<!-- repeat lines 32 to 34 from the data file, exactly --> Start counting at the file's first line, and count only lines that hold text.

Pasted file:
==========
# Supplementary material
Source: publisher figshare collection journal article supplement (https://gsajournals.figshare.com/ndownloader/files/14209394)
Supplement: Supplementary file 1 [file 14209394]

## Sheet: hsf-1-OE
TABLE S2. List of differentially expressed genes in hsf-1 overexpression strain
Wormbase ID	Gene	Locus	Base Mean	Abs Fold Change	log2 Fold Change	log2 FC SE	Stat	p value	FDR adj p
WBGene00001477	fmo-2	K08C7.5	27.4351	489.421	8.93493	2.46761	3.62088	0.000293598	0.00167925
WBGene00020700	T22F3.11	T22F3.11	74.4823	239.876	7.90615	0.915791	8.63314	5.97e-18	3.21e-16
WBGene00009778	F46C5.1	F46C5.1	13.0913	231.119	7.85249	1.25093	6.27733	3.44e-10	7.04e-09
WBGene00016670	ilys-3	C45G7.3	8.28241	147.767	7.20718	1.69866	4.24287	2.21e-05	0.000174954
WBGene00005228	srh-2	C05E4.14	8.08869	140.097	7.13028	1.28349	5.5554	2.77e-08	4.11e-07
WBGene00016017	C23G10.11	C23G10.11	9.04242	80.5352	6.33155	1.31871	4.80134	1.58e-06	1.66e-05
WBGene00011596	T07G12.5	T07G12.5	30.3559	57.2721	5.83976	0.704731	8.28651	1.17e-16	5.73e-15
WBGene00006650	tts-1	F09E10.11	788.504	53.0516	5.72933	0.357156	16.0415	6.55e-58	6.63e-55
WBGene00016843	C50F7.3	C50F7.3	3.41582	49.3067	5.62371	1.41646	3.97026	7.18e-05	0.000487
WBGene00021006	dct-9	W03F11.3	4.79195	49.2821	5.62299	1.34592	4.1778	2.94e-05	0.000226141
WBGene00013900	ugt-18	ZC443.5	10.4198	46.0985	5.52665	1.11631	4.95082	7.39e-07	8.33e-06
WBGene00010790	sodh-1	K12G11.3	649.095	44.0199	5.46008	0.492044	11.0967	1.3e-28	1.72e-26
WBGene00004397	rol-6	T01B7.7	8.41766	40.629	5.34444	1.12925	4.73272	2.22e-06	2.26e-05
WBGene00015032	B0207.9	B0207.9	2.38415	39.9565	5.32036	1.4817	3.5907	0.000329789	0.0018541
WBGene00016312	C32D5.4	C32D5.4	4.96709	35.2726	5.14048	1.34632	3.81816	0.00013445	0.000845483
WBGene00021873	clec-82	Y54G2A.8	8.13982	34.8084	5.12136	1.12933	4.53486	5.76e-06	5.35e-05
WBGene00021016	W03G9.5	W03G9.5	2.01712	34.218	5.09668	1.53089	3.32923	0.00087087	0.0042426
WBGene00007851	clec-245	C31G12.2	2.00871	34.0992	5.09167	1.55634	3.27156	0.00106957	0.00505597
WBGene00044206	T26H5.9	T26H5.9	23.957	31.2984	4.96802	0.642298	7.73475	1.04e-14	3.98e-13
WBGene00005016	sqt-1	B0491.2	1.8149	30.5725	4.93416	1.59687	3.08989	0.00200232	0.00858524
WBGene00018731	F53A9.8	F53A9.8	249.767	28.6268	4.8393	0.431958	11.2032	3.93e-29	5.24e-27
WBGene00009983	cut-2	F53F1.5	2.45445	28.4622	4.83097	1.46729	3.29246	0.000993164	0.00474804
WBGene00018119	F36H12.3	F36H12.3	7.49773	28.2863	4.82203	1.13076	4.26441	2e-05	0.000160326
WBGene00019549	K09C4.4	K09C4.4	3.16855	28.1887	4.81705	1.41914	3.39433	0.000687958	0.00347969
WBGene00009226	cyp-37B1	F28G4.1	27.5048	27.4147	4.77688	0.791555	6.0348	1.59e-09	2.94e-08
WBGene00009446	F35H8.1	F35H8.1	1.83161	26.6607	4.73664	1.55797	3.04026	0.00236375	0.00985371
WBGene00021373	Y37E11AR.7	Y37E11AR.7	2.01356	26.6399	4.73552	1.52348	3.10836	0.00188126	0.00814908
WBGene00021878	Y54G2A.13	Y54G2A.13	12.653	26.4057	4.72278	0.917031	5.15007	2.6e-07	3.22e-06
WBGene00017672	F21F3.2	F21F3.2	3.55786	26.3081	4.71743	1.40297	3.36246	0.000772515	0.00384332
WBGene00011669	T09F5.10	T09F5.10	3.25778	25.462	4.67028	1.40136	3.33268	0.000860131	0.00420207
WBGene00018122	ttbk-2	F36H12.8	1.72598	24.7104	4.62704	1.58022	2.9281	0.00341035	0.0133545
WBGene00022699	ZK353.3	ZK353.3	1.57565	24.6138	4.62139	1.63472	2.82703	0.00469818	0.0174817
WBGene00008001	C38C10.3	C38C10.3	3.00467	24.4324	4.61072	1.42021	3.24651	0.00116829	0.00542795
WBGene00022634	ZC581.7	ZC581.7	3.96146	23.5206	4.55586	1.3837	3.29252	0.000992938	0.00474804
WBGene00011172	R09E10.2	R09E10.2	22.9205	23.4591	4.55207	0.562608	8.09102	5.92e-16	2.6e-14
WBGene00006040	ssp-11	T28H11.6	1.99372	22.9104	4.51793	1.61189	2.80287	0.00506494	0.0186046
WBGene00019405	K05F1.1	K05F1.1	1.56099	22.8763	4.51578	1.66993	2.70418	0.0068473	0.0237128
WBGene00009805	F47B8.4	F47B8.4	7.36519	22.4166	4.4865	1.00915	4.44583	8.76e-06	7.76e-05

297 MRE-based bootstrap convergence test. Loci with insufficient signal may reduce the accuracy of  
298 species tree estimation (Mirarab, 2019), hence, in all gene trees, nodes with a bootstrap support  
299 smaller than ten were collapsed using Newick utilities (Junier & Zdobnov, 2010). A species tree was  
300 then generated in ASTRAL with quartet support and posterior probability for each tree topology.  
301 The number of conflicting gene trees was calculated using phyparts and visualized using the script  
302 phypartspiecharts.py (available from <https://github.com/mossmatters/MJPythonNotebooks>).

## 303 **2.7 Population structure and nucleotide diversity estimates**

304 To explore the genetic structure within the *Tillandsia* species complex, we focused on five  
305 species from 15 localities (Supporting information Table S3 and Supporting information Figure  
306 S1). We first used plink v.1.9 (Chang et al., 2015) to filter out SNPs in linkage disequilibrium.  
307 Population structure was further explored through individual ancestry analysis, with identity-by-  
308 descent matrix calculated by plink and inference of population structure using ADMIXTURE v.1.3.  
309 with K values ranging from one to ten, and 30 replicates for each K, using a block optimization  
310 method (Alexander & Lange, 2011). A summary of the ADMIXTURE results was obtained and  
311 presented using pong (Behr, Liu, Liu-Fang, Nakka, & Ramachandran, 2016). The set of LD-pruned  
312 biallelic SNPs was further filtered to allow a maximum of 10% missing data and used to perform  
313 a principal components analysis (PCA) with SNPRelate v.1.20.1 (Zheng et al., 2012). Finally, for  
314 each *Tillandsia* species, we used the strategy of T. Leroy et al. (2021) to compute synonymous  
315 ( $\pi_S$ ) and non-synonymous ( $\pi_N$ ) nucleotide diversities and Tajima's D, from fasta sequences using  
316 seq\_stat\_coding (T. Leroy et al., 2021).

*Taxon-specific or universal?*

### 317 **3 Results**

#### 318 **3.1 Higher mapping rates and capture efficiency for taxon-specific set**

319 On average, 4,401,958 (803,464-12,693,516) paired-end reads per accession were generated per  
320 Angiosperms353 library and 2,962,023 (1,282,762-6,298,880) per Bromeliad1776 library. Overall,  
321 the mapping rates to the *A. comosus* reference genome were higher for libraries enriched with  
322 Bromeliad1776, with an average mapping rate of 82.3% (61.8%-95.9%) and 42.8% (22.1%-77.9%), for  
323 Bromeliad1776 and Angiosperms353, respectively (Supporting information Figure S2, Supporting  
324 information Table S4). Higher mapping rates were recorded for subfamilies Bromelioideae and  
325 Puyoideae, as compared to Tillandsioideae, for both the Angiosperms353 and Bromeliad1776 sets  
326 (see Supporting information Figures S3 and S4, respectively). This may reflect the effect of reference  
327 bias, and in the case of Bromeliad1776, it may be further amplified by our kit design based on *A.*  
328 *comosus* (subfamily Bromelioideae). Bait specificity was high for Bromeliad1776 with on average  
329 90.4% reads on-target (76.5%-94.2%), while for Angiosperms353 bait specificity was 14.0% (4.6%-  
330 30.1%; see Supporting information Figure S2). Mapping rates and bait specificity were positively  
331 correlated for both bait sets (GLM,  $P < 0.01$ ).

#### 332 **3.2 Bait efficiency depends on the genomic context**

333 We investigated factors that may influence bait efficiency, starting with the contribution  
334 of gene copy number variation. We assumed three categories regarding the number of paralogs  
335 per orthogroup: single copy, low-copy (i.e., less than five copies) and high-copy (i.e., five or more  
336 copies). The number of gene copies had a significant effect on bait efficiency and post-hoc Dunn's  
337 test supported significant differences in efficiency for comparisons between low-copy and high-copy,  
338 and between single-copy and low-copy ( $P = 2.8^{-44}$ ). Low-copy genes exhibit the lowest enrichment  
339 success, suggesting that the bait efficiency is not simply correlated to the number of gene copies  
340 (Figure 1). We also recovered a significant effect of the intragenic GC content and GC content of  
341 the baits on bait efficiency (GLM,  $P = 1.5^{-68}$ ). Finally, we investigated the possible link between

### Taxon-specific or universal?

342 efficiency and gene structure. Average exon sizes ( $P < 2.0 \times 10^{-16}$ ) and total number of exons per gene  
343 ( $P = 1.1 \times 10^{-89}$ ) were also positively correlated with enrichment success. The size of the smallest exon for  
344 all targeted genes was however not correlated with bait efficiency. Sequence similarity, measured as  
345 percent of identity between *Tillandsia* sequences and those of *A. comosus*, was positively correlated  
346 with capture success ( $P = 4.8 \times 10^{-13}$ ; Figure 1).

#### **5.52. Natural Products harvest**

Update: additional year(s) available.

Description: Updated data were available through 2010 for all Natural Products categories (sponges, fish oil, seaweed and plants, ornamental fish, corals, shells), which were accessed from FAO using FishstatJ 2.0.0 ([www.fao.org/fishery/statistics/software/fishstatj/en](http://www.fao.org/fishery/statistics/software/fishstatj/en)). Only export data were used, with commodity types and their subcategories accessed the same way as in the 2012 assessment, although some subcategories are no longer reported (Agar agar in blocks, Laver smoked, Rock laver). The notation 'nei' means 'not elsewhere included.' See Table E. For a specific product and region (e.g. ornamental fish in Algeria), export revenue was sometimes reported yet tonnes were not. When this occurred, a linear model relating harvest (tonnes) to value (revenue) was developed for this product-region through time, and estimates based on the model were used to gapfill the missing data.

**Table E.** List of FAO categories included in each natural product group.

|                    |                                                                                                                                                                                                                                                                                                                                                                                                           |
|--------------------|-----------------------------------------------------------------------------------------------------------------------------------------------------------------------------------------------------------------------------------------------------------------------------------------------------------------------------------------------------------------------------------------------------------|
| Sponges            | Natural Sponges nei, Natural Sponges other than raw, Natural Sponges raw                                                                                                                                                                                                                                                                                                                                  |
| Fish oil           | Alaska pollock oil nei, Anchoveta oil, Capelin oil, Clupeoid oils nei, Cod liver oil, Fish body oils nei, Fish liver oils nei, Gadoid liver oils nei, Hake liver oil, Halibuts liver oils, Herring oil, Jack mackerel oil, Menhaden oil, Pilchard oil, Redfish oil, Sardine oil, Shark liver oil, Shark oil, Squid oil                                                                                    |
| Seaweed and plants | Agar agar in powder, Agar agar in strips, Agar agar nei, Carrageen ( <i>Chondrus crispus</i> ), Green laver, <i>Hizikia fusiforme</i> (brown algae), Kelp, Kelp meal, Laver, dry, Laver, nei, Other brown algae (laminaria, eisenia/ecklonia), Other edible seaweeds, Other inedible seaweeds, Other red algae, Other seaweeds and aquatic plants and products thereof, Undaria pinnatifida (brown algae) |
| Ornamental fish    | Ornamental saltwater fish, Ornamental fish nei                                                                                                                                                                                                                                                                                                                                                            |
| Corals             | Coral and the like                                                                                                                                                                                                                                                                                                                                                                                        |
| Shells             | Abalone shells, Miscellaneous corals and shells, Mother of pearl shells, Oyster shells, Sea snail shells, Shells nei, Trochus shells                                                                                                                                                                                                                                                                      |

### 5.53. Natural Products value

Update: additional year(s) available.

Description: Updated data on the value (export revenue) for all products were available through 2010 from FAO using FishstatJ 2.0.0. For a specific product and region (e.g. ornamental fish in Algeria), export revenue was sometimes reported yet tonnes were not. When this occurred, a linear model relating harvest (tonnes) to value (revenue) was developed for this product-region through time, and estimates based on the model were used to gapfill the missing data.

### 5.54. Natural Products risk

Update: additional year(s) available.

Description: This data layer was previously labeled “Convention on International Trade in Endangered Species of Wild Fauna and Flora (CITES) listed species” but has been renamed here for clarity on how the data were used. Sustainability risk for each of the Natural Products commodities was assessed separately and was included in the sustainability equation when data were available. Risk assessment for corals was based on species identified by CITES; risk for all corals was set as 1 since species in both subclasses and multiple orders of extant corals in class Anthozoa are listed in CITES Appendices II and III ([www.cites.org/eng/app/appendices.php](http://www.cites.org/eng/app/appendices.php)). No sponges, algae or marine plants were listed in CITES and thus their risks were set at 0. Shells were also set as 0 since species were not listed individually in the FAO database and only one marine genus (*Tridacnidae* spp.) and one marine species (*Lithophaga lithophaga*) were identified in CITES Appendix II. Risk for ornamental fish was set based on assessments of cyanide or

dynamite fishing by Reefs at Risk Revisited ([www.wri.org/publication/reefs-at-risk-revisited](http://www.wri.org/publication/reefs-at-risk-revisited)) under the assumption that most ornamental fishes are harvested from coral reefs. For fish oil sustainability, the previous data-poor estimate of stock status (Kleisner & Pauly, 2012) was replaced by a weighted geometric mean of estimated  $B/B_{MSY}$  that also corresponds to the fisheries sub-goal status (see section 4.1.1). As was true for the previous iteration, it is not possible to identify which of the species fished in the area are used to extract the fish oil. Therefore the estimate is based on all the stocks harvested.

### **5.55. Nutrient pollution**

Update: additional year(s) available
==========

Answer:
WBGene00009446	F35H8.1	F35H8.1	1.83161	26.6607	4.73664	1.55797	3.04026	0.00236375	0.00985371
WBGene00021373	Y37E11AR.7	Y37E11AR.7	2.01356	26.6399	4.73552	1.52348	3.10836	0.00188126	0.00814908
WBGene00021878	Y54G2A.13	Y54G2A.13	12.653	26.4057	4.72278	0.917031	5.15007	2.6e-07	3.22e-06